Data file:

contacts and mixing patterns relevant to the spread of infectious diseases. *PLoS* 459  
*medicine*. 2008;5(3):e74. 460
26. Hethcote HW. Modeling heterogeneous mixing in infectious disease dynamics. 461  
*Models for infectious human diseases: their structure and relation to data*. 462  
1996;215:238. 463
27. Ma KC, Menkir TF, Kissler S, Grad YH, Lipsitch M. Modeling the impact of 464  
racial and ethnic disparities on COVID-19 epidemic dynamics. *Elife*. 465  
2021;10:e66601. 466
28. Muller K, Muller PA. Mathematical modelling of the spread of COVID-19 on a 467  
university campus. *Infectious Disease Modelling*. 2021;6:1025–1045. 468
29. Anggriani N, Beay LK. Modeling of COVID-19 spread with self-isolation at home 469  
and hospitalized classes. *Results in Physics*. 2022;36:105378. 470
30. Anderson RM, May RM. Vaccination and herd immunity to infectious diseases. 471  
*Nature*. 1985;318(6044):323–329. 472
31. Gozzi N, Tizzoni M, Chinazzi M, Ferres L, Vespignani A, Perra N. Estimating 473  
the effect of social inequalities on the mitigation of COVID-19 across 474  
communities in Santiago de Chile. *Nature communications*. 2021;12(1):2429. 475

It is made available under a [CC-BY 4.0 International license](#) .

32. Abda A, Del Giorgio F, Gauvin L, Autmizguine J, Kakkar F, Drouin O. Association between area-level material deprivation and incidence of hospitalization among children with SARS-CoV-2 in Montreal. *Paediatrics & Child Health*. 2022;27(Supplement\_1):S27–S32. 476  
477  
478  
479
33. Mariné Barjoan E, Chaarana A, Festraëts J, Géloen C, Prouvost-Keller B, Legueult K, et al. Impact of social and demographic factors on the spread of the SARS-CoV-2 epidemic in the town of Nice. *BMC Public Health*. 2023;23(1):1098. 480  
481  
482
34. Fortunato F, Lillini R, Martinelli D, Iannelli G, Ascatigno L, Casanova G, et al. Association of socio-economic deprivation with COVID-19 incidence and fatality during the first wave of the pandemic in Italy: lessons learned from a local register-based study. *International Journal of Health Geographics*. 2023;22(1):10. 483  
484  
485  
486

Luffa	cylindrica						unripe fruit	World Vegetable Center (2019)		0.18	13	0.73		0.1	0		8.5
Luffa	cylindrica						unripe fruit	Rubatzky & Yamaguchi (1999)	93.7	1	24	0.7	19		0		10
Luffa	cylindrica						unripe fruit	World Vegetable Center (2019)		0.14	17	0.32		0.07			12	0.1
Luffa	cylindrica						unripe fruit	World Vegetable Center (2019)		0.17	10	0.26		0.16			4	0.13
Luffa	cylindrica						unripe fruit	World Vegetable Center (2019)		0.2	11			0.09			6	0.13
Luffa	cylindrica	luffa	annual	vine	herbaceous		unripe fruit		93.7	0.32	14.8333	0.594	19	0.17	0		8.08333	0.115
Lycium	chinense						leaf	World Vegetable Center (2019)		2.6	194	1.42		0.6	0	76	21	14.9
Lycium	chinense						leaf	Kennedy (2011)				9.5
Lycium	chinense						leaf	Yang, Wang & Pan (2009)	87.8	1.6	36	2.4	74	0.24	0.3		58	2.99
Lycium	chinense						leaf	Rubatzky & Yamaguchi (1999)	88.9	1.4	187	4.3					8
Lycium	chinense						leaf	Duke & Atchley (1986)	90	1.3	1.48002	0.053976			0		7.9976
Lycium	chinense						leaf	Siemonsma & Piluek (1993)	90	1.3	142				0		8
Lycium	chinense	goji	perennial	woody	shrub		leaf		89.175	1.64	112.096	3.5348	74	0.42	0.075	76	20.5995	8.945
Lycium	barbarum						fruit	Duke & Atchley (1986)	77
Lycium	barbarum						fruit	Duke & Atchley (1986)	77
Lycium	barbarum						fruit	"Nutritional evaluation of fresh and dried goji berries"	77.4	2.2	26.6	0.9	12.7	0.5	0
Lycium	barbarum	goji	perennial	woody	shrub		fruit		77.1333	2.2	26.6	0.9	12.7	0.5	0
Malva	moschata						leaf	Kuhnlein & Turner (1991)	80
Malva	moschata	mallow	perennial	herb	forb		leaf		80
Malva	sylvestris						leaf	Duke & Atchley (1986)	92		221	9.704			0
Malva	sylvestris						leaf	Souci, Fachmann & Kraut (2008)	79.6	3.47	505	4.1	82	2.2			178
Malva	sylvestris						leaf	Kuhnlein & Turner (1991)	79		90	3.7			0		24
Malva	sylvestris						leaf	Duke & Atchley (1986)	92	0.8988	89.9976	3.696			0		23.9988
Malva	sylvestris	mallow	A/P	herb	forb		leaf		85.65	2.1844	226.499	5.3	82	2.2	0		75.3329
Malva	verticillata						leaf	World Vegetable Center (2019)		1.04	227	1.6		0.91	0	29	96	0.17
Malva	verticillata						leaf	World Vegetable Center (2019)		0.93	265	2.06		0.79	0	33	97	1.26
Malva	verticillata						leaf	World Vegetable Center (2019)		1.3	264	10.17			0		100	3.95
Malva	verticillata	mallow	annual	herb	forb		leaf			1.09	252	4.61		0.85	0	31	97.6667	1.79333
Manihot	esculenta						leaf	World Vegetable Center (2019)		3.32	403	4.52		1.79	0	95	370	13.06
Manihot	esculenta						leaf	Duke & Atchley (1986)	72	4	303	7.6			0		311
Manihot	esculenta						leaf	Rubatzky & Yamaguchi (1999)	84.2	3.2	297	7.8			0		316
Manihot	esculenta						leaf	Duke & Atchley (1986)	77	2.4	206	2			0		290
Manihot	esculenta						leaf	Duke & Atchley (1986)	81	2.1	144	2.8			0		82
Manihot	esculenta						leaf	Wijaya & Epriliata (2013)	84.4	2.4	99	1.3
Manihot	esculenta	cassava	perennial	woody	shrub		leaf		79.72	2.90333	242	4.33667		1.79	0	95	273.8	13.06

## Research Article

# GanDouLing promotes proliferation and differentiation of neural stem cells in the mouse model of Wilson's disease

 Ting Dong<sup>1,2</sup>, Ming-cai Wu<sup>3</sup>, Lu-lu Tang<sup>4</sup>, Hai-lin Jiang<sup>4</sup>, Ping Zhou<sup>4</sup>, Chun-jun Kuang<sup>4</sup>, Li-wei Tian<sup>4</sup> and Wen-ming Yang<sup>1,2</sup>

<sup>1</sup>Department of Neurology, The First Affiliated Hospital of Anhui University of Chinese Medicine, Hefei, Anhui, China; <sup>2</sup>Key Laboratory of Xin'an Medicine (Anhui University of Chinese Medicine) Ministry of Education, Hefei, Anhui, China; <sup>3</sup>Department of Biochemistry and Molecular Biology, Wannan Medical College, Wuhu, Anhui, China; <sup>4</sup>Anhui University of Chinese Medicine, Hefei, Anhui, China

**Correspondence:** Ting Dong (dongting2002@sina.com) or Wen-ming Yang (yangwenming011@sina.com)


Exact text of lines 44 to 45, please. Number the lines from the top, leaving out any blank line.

Lycium	barbarum						fruit	Duke & Atchley (1986)	77
Lycium	barbarum						fruit	"Nutritional evaluation of fresh and dried goji berries"	77.4	2.2	26.6	0.9	12.7	0.5	0